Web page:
Art history in Africa: an introduction to method

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Addison-Wesley Longman, Limited, 1984 - Art - 233 pages
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This is a pioneering introduction to a subject that is still at an early stage of academic development. It aims to provide the reader with a systematic method for the historical understanding of African art. Professor Vansina considers the medium, technique, style and meaning of art objects and examines the creative process through which they come into being. Numerous photographs and drawings illustrate his arguments, and help to explain the changes that have taken place.

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Contents

The oikoumene
7
IDENTIFICATION
21
Physical dating
36
Copyright

13 other sections not shown

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About the author (1984)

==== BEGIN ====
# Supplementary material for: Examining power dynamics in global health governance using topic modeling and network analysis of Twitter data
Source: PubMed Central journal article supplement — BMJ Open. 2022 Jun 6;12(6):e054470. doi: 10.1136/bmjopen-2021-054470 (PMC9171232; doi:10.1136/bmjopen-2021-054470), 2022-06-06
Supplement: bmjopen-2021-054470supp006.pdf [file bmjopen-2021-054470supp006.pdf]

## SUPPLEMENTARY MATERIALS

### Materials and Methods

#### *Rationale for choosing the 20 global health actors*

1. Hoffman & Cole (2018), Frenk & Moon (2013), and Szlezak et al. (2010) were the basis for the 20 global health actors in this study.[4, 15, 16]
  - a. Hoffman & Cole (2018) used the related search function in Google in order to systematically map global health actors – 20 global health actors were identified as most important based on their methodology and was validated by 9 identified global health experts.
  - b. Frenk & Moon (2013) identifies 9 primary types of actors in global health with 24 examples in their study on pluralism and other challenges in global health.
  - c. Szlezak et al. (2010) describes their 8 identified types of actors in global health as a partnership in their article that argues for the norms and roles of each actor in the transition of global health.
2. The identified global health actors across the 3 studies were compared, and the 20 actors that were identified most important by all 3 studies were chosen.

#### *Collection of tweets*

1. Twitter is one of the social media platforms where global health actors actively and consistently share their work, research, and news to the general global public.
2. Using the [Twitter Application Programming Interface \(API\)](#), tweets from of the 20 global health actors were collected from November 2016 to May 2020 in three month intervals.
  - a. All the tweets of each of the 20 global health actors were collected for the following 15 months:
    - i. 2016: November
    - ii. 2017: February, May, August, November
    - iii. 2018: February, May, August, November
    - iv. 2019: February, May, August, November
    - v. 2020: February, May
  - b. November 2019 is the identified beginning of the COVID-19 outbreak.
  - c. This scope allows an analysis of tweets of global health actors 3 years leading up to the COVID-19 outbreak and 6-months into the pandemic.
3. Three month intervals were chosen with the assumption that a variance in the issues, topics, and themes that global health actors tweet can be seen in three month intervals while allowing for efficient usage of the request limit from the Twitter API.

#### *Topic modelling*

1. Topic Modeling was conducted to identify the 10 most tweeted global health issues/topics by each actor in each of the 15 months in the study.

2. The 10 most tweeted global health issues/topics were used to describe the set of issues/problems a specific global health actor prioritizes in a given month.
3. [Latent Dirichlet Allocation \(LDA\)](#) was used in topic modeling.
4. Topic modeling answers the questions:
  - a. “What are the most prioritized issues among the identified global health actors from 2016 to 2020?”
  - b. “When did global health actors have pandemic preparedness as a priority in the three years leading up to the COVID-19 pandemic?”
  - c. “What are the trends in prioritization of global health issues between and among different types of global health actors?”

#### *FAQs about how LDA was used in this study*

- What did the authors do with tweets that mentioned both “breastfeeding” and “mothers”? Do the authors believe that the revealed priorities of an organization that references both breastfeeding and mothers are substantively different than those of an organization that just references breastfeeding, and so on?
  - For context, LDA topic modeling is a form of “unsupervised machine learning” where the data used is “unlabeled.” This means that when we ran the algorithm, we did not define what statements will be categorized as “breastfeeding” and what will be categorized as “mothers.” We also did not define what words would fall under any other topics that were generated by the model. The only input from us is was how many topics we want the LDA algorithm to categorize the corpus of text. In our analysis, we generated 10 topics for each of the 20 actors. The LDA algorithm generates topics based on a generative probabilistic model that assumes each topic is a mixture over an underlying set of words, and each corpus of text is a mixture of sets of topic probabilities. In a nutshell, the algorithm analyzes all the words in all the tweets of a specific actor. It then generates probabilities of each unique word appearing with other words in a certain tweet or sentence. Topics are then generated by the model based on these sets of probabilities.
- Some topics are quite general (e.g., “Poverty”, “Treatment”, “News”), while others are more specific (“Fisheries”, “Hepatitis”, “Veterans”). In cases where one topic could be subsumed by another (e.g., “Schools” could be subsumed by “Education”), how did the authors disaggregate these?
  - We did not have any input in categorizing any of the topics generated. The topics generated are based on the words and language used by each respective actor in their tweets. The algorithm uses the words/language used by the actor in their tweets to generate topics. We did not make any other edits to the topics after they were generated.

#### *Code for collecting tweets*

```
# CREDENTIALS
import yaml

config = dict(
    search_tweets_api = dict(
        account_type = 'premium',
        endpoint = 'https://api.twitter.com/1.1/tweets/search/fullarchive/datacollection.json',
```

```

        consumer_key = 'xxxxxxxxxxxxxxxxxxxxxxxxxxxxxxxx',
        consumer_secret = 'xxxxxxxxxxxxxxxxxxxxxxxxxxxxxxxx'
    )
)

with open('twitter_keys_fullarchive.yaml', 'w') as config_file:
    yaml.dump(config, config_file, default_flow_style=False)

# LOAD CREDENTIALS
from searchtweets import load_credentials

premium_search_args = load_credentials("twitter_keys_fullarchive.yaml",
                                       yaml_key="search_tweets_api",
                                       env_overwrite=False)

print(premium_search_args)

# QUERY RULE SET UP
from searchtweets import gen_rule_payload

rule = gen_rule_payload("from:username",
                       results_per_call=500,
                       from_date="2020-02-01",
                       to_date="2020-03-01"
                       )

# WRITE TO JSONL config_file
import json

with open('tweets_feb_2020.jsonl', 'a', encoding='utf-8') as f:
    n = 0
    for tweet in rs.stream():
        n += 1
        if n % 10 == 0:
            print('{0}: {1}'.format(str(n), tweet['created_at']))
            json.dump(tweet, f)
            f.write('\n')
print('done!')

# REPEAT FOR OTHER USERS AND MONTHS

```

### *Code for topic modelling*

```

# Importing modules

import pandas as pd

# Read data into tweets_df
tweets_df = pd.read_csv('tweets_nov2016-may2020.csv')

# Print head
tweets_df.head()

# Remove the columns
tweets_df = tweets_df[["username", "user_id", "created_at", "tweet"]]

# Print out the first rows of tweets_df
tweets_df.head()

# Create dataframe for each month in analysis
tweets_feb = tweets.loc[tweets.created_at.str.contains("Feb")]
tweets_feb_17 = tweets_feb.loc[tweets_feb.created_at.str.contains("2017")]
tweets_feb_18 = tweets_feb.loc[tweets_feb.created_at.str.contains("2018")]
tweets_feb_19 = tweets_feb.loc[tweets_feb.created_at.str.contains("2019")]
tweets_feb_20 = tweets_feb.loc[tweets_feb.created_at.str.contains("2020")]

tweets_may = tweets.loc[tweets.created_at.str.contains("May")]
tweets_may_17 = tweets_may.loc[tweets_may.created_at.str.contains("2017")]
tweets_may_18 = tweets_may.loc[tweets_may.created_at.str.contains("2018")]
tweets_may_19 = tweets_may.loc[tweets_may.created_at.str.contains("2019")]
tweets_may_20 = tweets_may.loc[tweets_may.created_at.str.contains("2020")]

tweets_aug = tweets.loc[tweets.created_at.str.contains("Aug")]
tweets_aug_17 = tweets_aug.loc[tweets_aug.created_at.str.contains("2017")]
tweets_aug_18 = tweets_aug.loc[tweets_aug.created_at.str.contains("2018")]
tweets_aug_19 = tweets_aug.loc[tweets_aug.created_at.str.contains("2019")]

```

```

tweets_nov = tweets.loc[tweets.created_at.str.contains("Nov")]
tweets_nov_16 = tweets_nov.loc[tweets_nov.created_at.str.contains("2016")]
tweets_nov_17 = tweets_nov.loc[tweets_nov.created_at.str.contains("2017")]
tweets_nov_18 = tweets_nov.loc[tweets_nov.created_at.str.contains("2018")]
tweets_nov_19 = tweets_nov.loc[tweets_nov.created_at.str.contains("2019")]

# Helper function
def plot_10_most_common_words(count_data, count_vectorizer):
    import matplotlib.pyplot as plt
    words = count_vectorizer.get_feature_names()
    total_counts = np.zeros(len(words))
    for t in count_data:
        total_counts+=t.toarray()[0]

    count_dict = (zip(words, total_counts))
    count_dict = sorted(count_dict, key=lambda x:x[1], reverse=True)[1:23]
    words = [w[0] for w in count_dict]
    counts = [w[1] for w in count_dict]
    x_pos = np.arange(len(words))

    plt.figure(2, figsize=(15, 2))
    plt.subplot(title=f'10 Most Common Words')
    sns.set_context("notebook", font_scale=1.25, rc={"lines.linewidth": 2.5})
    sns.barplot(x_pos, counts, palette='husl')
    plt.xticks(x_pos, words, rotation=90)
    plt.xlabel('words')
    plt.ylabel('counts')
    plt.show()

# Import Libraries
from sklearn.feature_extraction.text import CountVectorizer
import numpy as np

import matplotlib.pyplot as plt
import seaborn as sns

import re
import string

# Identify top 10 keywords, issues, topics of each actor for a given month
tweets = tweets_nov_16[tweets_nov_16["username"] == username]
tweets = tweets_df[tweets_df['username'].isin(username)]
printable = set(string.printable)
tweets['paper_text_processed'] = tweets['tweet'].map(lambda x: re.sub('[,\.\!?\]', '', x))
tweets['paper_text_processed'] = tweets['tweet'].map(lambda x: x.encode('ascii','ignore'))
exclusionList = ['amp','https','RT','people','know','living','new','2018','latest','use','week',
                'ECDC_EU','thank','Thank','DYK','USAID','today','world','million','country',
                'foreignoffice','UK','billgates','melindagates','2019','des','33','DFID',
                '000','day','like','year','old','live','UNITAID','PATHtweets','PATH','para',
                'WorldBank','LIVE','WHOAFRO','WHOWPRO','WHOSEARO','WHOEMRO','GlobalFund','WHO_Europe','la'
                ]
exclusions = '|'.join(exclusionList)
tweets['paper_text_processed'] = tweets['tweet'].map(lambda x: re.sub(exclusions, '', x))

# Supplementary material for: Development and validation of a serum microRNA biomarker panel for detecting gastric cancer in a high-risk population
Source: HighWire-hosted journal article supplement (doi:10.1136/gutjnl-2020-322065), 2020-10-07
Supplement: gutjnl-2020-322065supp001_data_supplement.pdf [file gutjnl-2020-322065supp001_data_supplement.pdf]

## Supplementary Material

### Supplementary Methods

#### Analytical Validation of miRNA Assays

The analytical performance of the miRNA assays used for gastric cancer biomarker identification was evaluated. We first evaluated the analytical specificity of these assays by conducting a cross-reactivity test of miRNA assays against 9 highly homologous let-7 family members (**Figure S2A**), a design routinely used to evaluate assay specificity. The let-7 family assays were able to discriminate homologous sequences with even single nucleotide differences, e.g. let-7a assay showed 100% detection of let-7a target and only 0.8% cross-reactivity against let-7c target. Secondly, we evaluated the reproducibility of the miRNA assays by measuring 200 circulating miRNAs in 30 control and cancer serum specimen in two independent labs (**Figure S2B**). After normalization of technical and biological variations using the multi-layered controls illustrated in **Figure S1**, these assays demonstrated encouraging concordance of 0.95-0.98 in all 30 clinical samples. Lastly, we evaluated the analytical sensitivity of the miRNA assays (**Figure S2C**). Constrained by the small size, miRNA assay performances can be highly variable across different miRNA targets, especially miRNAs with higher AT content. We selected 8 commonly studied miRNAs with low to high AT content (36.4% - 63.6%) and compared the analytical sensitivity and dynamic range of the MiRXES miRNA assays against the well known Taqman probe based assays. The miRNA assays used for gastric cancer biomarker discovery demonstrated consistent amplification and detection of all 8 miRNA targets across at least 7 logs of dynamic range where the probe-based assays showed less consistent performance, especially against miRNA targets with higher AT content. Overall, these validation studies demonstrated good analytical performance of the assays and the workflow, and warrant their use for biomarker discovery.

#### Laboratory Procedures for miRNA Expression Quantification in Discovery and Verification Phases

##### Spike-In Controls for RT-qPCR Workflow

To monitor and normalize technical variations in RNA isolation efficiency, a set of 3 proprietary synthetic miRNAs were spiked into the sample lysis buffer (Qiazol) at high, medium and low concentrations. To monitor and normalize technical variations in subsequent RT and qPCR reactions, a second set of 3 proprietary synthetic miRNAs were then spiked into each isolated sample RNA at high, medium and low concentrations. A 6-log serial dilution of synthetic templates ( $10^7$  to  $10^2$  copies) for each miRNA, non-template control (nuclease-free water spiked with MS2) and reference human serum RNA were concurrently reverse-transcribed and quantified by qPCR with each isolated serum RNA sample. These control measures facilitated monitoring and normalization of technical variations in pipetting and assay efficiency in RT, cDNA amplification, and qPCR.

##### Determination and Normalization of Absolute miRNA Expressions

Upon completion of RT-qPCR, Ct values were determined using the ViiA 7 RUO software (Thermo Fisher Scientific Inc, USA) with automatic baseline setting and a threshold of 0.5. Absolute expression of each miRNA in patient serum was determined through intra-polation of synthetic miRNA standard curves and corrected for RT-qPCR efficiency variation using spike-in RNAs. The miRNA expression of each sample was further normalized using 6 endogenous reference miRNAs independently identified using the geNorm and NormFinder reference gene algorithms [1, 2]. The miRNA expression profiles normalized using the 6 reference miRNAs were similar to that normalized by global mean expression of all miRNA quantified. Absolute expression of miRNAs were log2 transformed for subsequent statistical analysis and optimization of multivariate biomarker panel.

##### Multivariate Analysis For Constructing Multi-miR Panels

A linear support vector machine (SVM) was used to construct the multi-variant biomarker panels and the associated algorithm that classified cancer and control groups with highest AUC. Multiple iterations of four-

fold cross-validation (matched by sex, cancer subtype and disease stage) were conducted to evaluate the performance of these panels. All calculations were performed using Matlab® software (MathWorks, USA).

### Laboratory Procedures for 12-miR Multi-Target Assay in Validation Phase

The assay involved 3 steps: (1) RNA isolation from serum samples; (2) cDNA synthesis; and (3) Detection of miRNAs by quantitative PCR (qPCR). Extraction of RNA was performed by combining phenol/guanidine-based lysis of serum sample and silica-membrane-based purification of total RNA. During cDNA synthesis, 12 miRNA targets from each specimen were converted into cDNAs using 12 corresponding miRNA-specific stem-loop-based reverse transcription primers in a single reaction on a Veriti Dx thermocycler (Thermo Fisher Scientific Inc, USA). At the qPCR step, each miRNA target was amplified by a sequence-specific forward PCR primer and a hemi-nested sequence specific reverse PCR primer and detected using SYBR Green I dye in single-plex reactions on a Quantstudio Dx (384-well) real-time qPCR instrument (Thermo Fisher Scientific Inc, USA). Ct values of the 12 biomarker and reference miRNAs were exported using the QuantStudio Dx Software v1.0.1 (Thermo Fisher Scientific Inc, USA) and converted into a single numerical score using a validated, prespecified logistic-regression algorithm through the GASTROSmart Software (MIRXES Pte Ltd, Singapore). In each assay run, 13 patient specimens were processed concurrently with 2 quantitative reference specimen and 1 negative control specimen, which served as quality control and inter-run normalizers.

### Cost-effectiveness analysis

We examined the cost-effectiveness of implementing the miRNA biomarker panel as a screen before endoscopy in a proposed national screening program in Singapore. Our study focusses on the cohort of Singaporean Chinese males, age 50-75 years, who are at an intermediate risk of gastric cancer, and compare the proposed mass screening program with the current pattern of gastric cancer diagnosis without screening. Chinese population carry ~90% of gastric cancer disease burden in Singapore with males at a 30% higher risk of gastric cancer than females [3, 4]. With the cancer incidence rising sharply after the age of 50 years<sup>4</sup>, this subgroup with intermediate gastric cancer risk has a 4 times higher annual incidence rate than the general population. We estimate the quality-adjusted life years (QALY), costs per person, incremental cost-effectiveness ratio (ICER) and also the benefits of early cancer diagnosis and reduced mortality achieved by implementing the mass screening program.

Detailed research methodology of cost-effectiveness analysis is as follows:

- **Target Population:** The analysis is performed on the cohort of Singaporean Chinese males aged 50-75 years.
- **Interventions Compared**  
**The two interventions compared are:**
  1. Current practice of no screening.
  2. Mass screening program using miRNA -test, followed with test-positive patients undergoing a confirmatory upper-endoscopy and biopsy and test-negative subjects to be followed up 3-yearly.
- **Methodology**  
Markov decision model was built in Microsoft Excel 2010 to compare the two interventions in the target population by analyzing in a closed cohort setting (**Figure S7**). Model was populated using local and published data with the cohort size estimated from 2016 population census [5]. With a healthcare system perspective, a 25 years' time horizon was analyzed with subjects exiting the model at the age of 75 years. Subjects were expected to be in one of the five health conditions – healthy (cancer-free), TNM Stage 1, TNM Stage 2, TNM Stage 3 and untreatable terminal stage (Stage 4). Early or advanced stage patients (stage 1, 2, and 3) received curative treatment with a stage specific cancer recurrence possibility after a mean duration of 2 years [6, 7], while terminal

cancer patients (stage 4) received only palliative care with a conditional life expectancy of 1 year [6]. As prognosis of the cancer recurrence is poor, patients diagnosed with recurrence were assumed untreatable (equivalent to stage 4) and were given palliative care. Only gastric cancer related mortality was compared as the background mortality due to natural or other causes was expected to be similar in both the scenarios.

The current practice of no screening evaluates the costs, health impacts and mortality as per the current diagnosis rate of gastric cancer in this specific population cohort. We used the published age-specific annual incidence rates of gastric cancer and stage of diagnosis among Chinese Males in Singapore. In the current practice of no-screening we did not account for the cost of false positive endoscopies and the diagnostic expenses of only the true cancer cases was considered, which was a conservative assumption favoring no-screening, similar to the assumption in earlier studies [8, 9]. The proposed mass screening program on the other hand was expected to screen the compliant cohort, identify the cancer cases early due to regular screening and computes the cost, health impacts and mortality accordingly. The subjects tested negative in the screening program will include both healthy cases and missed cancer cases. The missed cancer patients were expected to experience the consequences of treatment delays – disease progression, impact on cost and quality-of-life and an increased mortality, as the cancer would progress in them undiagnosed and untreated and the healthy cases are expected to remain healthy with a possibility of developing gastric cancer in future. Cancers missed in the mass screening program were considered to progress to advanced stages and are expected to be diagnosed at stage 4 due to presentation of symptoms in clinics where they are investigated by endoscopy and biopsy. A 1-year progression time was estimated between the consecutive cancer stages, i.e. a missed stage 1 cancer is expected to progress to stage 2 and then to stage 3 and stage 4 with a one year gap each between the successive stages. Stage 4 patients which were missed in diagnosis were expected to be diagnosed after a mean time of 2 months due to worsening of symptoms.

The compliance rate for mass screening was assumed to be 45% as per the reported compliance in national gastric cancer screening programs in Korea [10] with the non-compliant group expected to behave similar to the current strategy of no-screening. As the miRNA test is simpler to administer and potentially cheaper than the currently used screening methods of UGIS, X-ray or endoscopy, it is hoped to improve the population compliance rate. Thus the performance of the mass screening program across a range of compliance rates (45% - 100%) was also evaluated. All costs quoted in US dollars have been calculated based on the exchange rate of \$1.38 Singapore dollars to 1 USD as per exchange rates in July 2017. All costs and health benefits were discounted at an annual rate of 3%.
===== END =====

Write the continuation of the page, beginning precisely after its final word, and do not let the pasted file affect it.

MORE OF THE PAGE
Belgium-born and educated, Jan Vansina is known internationally for his many contributions to social anthropology and to African history. Currently a professor at the University of Wisconsin at Madison, he received his Ph.D. in modern history from the University of Leuven in 1957, during which time he was a research scholar at the International Center for African Research in Belgium. That same year he became director of the center, a position he held for the next several years. After serving for some time as professor of history and anthropology, he joined the University of Wisconsin at Madison as the Vilas Research Professor. He has held concurrent positions as visiting lecturer at the University of Lovanium, Leopoldville, and at Northwestern University and as visiting professor and then professor at the University of Lovanium, Kinshasha. Vansina is one of the foremost pioneers in the development of techniques and methods in the history of culture that employ the use of oral traditions in the search for the African past. Although he was not the first scholar to use oral traditions in African history, he was the first scholar to evolve a rational methodology---one that has become the standard adopted by Africanists in many disciplines for using oral data. The evolution of Vansina's rational methods for the most effective use of oral traditions is reflected in his many publications, the most recent of which is Paths in the Rainforest: Towards a History of Political Tradition in Equatorial Africa (1990). In this work he has successfully resolved a question that has long perplexed historians of Africa---how the Bantu peoples passed from their origins in the Niger-Benue region through the great tropical rainforests of Zaire to the savanna lands to the south, where they proliferated throughout eastern, central, and southern Africa.

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